I once told the late George Giri that it was he who helped to spark off my interest in Mallorca’s traditions and customs. George, as many of you will recall, wrote a weekly Bulletin column about rural Mallorca and would, from time to time, talk about the island’s festivities. There was one story in particular that fired my imagination. It wasn’t specific to Mallorca, but it was nevertheless fascinating. No, more than that; it was downright weird - the burial of the sardine on Shrove Tuesday.
This is imagination, as I have come to appreciate, that leaps beyond a standard meaning of individuals forming new ideas or conjuring up images and concepts not immediately present to the senses. It is a collective imagination of an island heritage, of what there used to once be but which resides within the collective in the present. A form of birthright, it is an imagination of the fantastic, the strange and the mysterious, rooted so far back in time that it is near impossible to assign a precise source in the past. It exists, because it has existed for so long. And in the case of Carnival, the roots are indeed ancient and would have been evident in Mallorca from the time of the Romans, perhaps earlier.
Imagination and creativity go hand in hand, and so the current-day Carnival is an occasion for creating the fantastic - the costumes and the floats. Yet, the imagination made visual by these elements of the parades has tended to subordinate the essence of a tradition long founded on its subversive character. The need for a street party has assumed prime importance over the content and context of what, and only until relatively recently, was the expression of Carnival.
In post-conquest Christian Mallorca, Carnival was documented very early; almost immediately in fact. For the distribution of land that had belonged to the vanquished Muslims, Jaume I announced that the “auction” would last until Easter. It would start on ‘Carnestoltes’, the old term for Carnival which was derived from the time of Pope Gregory I (590-604) and his establishment of Lent - “carnes tollere”, forbidden meats. The word Carnival itself would seem to come from the Italian “carnelevare”, which at a stretch can be taken to mean a meat takeaway; the actual meaning is more in line with the pope’s.
What Gregory probably hadn’t reckoned on was that this prohibition would result in a pre-carnes tollere period of bingeing - in all manner of ways - that drew inspiration from Greek and Roman festivals. Carnival subversion, Carnival satire, Carnival debauchery live long in the imagination. The wearing of masks, the adoption of disguise have for just as long panicked authoritarian rulers. Franco didn’t like Carnival one little bit, and not just because it offended his conservative Catholicism. Who might all those masked men and women really be? Subversive agents? He banned Carnival.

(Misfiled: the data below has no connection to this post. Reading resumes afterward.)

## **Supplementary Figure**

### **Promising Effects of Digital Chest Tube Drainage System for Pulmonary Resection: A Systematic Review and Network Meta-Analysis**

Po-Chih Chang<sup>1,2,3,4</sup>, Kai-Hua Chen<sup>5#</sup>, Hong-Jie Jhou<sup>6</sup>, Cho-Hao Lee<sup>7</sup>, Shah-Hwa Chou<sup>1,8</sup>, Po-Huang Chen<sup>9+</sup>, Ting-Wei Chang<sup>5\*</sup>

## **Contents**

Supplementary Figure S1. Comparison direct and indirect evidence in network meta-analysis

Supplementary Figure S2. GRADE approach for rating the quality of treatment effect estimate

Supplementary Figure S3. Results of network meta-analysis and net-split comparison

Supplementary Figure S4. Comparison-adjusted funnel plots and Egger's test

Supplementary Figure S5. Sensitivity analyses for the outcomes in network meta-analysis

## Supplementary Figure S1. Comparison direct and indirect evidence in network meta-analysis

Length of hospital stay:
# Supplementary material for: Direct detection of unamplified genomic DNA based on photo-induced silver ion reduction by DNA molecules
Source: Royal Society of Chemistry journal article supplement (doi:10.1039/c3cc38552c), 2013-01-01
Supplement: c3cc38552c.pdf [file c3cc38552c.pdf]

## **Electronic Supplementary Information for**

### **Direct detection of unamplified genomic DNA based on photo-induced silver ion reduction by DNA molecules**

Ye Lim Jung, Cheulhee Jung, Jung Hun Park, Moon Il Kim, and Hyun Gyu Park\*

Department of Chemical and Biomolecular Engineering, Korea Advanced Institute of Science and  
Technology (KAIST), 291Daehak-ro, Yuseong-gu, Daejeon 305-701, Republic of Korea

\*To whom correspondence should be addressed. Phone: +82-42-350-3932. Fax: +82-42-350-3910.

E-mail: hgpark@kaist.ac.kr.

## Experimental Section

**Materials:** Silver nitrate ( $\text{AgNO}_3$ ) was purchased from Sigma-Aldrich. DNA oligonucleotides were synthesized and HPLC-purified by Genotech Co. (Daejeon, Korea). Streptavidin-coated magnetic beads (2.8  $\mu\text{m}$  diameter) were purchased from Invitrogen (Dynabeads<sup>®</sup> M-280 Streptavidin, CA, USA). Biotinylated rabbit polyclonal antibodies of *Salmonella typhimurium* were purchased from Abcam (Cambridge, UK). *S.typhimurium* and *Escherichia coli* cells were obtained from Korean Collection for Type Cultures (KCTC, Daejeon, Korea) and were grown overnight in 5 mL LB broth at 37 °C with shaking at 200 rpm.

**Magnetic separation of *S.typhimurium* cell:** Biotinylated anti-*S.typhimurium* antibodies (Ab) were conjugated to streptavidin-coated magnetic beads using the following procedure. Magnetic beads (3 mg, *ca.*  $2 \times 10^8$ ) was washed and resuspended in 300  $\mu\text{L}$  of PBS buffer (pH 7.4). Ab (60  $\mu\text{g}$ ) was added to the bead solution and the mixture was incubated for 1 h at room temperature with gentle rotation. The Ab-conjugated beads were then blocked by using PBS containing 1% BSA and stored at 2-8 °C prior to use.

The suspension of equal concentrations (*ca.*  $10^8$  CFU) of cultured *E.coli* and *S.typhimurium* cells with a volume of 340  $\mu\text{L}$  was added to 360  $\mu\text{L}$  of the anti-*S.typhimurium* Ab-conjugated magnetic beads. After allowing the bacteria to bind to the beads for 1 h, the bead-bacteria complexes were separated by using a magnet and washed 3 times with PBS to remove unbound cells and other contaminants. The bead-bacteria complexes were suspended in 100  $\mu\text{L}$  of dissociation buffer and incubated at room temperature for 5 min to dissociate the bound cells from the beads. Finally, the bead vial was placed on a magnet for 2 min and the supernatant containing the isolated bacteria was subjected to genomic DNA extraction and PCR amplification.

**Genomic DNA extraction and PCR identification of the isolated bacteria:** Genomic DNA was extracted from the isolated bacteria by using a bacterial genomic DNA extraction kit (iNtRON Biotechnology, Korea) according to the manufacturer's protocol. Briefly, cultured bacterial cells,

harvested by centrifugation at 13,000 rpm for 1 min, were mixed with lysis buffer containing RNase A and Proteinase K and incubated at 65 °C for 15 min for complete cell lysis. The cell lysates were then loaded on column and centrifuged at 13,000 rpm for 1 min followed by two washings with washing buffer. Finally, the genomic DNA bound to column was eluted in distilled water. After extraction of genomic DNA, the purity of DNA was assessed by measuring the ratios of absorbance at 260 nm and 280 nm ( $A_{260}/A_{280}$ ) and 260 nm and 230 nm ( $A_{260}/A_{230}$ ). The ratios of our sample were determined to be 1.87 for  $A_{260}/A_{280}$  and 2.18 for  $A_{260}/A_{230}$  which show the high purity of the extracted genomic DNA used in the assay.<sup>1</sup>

Jaume I’s mention of Carnestoltes was well before other documented records. 1521 is the year of the first record of ‘dijous llarder’ (fat Thursday), and this may have acted as a specific point of reference, as the date was February 7, which was when the Germania, Revolt of the Brotherhoods, started. In 1530, it was noted in Soller that the last days of Carnival were a time for going out “and making noise and playing pranks”. An outlawing of Carnival traditions followed eighteen years later. On January 23, 1548, there was a declaration which stated that anyone wearing costumes would be punished.
In general, though, prohibitions were more akin to local bylaws or regulations for fiestas. In the Mallorca of the current day, there are rules governing certain fiesta events, such as the almond shell and water fight in Petra. Each year, the town hall issues a stern reminder that participants such as the pipers must not be pelted with almond shells or sprayed with water. So it was for Carnival in 1682, when a royal proclamation made clear that throwing oranges during what was a sort of procession when people made a hell of a racket was strictly forbidden; it was punishable by 30 days in prison and a fine of ten Mallorcan pounds.
Throwing things was to nevertheless become standard practice. The villages of Mallorca acquired their own specific customs associated with parades that were less of a rabble than the noisy free-for-alls of the late seventeenth century. Even so, oranges were popular (punishments having been scrapped) for chucking at people on the parades, who happily chucked them back. Bull dung was another favourite apparently, although the people on the parades might have been less inclined to return this particular compliment. Hurling pots at people’s doors was a common prank, and if the people in question weren’t liked, the pots would contain something unpleasant.
Nowadays, sweets are about all that are thrown. The parades are a vibrant explosion of colour and fun for all the family. Gone, though, is the former content, such as the bull dung and the wildness that in 1906, for instance, provoked a reproach in the local press - “signs of debauchery and disorder”. Gone also is the context - that subversion and that mystery. Or has it? Who’s behind the mask?
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